14 posted on 07/19/2010 2:23:41 PM PDT by Mojave (Ignorant and stoned - Obama's natural constituency.)
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To: E. Pluribus Unum
MA... constantly changing the rules when it comes to voting... didn't they try to do some tricky stuff in anticipation of John Kerry possibly winning the presidency? The state house was going to make it to where the MA governor (a Republican if memory serves) could not appoint Kerry's replacement... then they reversed it after Teddy K. died... to where the current Democratic governor could appoint Kennedy's replacement?

Scatter shooting while wondering if this Electoral College representative trick passes ... if the civil rights division of the U.S. Dept. of Justice would lift a finger to protect the voting rights of the minority (aka the Republicans)... ?

Doubt it.

15 posted on 07/19/2010 2:24:03 PM PDT by Trajan88 (www.bullittclub.com)
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To: Mojave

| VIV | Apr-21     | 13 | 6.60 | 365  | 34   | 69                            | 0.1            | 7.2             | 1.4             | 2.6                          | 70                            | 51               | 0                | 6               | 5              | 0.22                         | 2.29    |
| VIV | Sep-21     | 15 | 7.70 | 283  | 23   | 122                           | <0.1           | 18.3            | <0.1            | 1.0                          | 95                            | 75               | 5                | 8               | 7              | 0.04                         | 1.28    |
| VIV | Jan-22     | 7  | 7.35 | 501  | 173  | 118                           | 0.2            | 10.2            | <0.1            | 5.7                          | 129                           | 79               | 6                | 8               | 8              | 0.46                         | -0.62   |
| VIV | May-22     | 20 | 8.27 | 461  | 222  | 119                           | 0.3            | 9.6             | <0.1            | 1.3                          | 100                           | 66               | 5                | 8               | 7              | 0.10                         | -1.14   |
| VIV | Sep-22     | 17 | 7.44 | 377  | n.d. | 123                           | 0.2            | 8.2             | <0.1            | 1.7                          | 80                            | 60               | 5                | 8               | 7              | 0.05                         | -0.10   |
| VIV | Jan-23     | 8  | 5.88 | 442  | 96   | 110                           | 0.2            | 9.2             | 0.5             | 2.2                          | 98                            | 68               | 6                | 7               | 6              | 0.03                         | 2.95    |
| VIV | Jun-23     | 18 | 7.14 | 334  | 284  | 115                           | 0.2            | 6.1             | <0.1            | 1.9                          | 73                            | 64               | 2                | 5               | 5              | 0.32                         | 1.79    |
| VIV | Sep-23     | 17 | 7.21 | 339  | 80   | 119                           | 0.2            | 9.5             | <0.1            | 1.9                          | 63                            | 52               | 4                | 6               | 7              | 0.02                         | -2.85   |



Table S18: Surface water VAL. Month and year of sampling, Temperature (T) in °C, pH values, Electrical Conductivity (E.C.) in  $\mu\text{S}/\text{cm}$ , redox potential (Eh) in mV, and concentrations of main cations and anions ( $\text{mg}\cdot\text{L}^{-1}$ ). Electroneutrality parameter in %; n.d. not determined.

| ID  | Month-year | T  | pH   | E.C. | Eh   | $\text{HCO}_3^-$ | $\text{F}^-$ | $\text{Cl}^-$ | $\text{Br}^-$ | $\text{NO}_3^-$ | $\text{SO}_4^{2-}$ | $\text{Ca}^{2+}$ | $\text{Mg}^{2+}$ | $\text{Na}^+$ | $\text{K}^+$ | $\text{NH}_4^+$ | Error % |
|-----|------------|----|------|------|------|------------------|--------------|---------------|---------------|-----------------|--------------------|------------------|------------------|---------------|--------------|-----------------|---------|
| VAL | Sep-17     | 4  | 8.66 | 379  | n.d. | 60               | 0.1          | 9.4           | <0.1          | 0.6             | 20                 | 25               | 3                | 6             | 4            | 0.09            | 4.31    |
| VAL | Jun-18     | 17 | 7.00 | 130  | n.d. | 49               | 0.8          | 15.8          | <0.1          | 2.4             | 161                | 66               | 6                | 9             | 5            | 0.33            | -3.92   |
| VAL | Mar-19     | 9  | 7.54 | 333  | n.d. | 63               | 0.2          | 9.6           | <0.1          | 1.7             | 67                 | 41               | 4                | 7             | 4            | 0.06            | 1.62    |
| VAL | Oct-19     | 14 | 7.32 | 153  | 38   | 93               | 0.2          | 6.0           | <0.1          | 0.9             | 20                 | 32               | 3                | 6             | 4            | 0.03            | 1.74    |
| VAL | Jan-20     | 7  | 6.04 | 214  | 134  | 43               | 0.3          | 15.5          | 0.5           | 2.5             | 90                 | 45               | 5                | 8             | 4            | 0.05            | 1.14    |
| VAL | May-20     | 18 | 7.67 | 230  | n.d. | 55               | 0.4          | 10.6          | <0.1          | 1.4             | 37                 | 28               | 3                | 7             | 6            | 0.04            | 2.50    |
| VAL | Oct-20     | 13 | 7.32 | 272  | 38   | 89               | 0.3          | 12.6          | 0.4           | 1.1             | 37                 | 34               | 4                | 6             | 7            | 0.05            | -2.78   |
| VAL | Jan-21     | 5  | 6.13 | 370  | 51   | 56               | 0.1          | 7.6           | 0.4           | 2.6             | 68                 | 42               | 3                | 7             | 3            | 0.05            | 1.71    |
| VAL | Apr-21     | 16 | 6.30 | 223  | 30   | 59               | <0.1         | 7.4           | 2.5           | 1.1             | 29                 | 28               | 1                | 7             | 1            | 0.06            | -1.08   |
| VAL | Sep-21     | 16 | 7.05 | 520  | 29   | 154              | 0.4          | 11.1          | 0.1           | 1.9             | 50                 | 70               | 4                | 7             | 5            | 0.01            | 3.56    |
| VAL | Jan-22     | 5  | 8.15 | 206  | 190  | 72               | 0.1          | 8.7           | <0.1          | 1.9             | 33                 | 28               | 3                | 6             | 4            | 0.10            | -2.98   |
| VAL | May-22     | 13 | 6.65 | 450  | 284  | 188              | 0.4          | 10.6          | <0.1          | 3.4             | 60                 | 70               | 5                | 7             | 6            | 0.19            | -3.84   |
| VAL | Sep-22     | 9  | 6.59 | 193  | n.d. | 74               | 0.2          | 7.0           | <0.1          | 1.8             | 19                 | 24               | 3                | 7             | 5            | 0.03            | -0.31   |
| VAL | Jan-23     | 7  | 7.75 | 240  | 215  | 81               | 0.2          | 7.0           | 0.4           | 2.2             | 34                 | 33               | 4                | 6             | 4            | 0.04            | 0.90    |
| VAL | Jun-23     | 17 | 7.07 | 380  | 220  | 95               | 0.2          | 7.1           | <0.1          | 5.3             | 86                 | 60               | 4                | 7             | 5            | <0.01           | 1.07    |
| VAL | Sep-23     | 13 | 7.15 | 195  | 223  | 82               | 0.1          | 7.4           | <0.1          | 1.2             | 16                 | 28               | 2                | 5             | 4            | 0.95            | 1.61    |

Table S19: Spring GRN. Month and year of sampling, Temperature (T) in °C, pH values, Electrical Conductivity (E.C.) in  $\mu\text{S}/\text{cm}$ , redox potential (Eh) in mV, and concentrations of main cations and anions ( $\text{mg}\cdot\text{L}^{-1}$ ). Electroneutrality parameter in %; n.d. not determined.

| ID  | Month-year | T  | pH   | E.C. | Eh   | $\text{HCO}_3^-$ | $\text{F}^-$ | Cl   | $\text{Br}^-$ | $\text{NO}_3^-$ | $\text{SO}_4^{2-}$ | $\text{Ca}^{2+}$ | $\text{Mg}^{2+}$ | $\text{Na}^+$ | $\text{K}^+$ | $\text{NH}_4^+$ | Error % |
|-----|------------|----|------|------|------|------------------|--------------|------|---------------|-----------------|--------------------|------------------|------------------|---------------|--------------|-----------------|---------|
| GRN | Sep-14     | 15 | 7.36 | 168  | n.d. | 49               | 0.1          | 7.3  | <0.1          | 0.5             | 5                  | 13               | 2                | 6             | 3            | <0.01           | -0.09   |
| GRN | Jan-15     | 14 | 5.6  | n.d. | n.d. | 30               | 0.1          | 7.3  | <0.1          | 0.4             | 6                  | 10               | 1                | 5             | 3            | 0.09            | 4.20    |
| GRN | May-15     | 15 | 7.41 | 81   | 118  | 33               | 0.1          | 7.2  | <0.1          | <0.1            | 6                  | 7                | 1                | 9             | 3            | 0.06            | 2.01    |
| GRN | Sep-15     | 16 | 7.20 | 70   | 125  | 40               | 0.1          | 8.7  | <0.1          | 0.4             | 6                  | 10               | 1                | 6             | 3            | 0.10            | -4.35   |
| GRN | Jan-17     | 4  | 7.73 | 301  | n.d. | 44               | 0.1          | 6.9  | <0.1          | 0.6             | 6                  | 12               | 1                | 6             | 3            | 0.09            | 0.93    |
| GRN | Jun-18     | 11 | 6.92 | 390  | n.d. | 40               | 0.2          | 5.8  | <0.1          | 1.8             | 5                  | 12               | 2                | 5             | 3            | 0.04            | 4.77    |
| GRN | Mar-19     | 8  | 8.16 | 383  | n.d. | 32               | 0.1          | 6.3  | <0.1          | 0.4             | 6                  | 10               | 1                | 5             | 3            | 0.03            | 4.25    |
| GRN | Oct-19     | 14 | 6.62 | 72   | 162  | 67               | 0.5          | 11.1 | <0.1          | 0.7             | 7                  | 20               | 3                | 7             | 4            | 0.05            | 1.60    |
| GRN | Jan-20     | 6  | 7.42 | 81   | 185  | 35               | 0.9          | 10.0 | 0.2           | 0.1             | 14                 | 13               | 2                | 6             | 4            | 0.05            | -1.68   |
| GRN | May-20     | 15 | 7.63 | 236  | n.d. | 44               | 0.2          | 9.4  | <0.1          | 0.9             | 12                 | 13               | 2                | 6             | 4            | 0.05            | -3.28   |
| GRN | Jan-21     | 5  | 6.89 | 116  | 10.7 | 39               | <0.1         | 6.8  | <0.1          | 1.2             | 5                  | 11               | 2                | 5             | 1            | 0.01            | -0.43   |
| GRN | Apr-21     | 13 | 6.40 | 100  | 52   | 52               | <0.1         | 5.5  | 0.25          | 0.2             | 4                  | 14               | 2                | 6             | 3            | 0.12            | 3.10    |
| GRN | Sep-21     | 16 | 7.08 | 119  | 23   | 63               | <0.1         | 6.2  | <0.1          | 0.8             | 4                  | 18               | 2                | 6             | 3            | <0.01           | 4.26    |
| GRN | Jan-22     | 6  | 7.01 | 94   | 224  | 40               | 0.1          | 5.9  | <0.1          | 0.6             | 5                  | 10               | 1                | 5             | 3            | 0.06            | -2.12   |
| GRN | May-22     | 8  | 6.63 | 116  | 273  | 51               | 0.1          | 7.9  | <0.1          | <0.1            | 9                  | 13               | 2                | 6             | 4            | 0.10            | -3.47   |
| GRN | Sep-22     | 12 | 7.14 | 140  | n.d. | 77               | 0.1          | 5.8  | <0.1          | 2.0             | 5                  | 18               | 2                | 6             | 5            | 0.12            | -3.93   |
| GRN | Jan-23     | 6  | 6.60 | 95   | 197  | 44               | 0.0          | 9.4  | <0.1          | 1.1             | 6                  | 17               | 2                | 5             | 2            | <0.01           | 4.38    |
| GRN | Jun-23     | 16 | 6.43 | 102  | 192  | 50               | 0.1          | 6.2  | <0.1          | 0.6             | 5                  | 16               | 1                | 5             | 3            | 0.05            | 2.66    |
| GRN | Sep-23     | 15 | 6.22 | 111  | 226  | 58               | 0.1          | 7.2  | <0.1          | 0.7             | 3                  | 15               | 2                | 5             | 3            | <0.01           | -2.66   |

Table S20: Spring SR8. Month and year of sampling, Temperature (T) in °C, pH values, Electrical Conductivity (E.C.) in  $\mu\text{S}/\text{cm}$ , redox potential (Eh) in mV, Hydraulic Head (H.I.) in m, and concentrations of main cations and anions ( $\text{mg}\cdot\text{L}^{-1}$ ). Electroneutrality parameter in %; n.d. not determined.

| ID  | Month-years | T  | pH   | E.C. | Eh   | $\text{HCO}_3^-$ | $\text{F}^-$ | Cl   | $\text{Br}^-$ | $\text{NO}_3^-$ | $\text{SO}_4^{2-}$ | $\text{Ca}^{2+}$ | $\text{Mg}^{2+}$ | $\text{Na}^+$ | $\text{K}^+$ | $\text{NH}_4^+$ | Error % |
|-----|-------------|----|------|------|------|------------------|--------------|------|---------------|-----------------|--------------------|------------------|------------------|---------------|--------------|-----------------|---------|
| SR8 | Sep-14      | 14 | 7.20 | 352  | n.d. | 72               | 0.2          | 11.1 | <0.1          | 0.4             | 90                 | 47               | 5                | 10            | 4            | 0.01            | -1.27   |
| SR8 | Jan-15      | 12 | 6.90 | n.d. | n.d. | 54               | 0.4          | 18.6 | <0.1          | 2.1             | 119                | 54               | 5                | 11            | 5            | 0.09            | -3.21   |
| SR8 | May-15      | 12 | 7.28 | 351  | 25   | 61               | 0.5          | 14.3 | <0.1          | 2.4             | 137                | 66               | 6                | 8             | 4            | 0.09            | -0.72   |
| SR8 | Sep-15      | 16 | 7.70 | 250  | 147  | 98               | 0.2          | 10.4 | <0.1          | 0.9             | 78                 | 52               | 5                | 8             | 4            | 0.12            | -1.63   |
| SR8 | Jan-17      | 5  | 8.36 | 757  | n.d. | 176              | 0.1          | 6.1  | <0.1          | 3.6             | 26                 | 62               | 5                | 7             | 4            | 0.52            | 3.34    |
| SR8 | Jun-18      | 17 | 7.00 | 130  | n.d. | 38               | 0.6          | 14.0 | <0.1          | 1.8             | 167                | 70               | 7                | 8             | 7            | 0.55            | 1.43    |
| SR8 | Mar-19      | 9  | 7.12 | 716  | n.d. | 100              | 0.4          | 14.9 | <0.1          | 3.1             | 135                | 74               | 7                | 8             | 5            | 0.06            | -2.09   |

Really?


16 posted on 07/19/2010 2:24:17 PM PDT by elephant
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To: Mojave

Really?


17 posted on 07/19/2010 2:24:23 PM PDT by elephant
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To: Parmy

So? /sarc


18 posted on 07/19/2010 2:26:32 PM PDT by FrdmLvr ( VIVA la SB 1070!)
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To: E. Pluribus Unum
This is pure political hubris by Massachusetts leftists still angry over the G.W. Bush win in 2000.

The Electoral College is part of our constitution and cannot legally be ignored by individual states. They have to win a constitutional amendment to change the EC law. That has been tried many times but has always failed. This 'end run' won't succeed, either. It's a feel-good measure for Massachusetts uber liberals and demonstrates how the left is attempting to flush the constitution down the metaphorical toilet in the Age of Obama. Don't allow them to do so. They know they are on the wrong side of the American people and are hoping to make elections irrelevant and eventually mandate a totalitarian government, with, guess who at the top. Not in my America.

19 posted on 07/19/2010 2:26:47 PM PDT by Jim Scott
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To: BenKenobi

Constitution says you must have electors, I don’t see how they get around that.

Some states are more equal than others in Libtard Logic.